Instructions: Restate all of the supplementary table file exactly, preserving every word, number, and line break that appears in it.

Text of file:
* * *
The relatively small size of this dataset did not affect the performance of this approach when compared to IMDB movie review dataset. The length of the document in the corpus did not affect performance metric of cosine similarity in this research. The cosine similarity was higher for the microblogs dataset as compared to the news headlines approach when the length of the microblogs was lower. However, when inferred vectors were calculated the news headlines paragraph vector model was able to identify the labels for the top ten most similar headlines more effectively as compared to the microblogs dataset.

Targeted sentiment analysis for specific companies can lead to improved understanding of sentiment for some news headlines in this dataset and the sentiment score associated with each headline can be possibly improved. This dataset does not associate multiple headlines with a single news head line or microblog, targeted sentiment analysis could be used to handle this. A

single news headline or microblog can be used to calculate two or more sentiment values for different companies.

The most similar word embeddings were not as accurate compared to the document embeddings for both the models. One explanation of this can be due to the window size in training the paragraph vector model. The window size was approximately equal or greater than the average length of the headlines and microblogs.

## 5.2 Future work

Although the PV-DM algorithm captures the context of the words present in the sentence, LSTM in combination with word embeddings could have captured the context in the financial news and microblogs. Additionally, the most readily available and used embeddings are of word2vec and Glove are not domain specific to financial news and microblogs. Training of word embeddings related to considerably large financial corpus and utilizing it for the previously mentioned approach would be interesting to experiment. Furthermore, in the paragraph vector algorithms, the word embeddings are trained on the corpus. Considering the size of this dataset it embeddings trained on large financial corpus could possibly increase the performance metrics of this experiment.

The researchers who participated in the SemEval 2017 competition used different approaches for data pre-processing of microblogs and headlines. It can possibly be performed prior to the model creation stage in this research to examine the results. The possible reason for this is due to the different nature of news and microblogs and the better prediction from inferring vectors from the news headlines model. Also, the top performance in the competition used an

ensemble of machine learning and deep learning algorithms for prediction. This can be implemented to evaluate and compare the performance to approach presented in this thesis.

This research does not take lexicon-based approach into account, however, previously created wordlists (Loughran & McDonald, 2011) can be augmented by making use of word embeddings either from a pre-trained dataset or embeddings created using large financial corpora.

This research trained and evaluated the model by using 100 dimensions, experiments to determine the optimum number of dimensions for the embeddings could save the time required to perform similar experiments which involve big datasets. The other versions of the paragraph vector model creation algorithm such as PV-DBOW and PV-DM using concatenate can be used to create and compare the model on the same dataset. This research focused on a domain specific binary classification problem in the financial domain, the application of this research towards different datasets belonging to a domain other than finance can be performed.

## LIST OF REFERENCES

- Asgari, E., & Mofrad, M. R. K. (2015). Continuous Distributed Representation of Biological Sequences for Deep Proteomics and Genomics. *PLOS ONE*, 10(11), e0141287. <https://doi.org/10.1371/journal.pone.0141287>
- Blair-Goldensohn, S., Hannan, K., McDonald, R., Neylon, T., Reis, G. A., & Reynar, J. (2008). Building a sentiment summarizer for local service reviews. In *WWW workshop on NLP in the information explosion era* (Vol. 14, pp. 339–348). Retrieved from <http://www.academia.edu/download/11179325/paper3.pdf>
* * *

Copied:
The relatively small size of this dataset did not affect the performance of this approach when compared to IMDB movie review dataset. The length of the document in the corpus did not affect performance metric of cosine similarity in this research. The cosine similarity was higher for the microblogs dataset as compared to the news headlines approach when the length of the microblogs was lower. However, when inferred vectors were calculated the news headlines paragraph vector model was able to identify the labels for the top ten most similar headlines more effectively as compared to the microblogs dataset.

Targeted sentiment analysis for specific companies can lead to improved understanding of sentiment for some news headlines in this dataset and the sentiment score associated with each headline can be possibly improved. This dataset does not associate multiple headlines with a single news head line or microblog, targeted sentiment analysis could be used to handle this. A

single news headline or microblog can be used to calculate two or more sentiment values for different companies.

The most similar word embeddings were not as accurate compared to the document embeddings for both the models. One explanation of this can be due to the window size in training the paragraph vector model. The window size was approximately equal or greater than the average length of the headlines and microblogs.

## 5.2 Future work

Although the PV-DM algorithm captures the context of the words present in the sentence, LSTM in combination with word embeddings could have captured the context in the financial news and microblogs. Additionally, the most readily available and used embeddings are of word2vec and Glove are not domain specific to financial news and microblogs. Training of word embeddings related to considerably large financial corpus and utilizing it for the previously mentioned approach would be interesting to experiment. Furthermore, in the paragraph vector algorithms, the word embeddings are trained on the corpus. Considering the size of this dataset it embeddings trained on large financial corpus could possibly increase the performance metrics of this experiment.

The researchers who participated in the SemEval 2017 competition used different approaches for data pre-processing of microblogs and headlines. It can possibly be performed prior to the model creation stage in this research to examine the results. The possible reason for this is due to the different nature of news and microblogs and the better prediction from inferring vectors from the news headlines model. Also, the top performance in the competition used an

ensemble of machine learning and deep learning algorithms for prediction. This can be implemented to evaluate and compare the performance to approach presented in this thesis.

This research does not take lexicon-based approach into account, however, previously created wordlists (Loughran & McDonald, 2011) can be augmented by making use of word embeddings either from a pre-trained dataset or embeddings created using large financial corpora.

This research trained and evaluated the model by using 100 dimensions, experiments to determine the optimum number of dimensions for the embeddings could save the time required to perform similar experiments which involve big datasets. The other versions of the paragraph vector model creation algorithm such as PV-DBOW and PV-DM using concatenate can be used to create and compare the model on the same dataset. This research focused on a domain specific binary classification problem in the financial domain, the application of this research towards different datasets belonging to a domain other than finance can be performed.

## LIST OF REFERENCES

- Asgari, E., & Mofrad, M. R. K. (2015). Continuous Distributed Representation of Biological Sequences for Deep Proteomics and Genomics. *PLOS ONE*, 10(11), e0141287. <https://doi.org/10.1371/journal.pone.0141287>
- Blair-Goldensohn, S., Hannan, K., McDonald, R., Neylon, T., Reis, G. A., & Reynar, J. (2008). Building a sentiment summarizer for local service reviews. In *WWW workshop on NLP in the information explosion era* (Vol. 14, pp. 339–348). Retrieved from <http://www.academia.edu/download/11179325/paper3.pdf>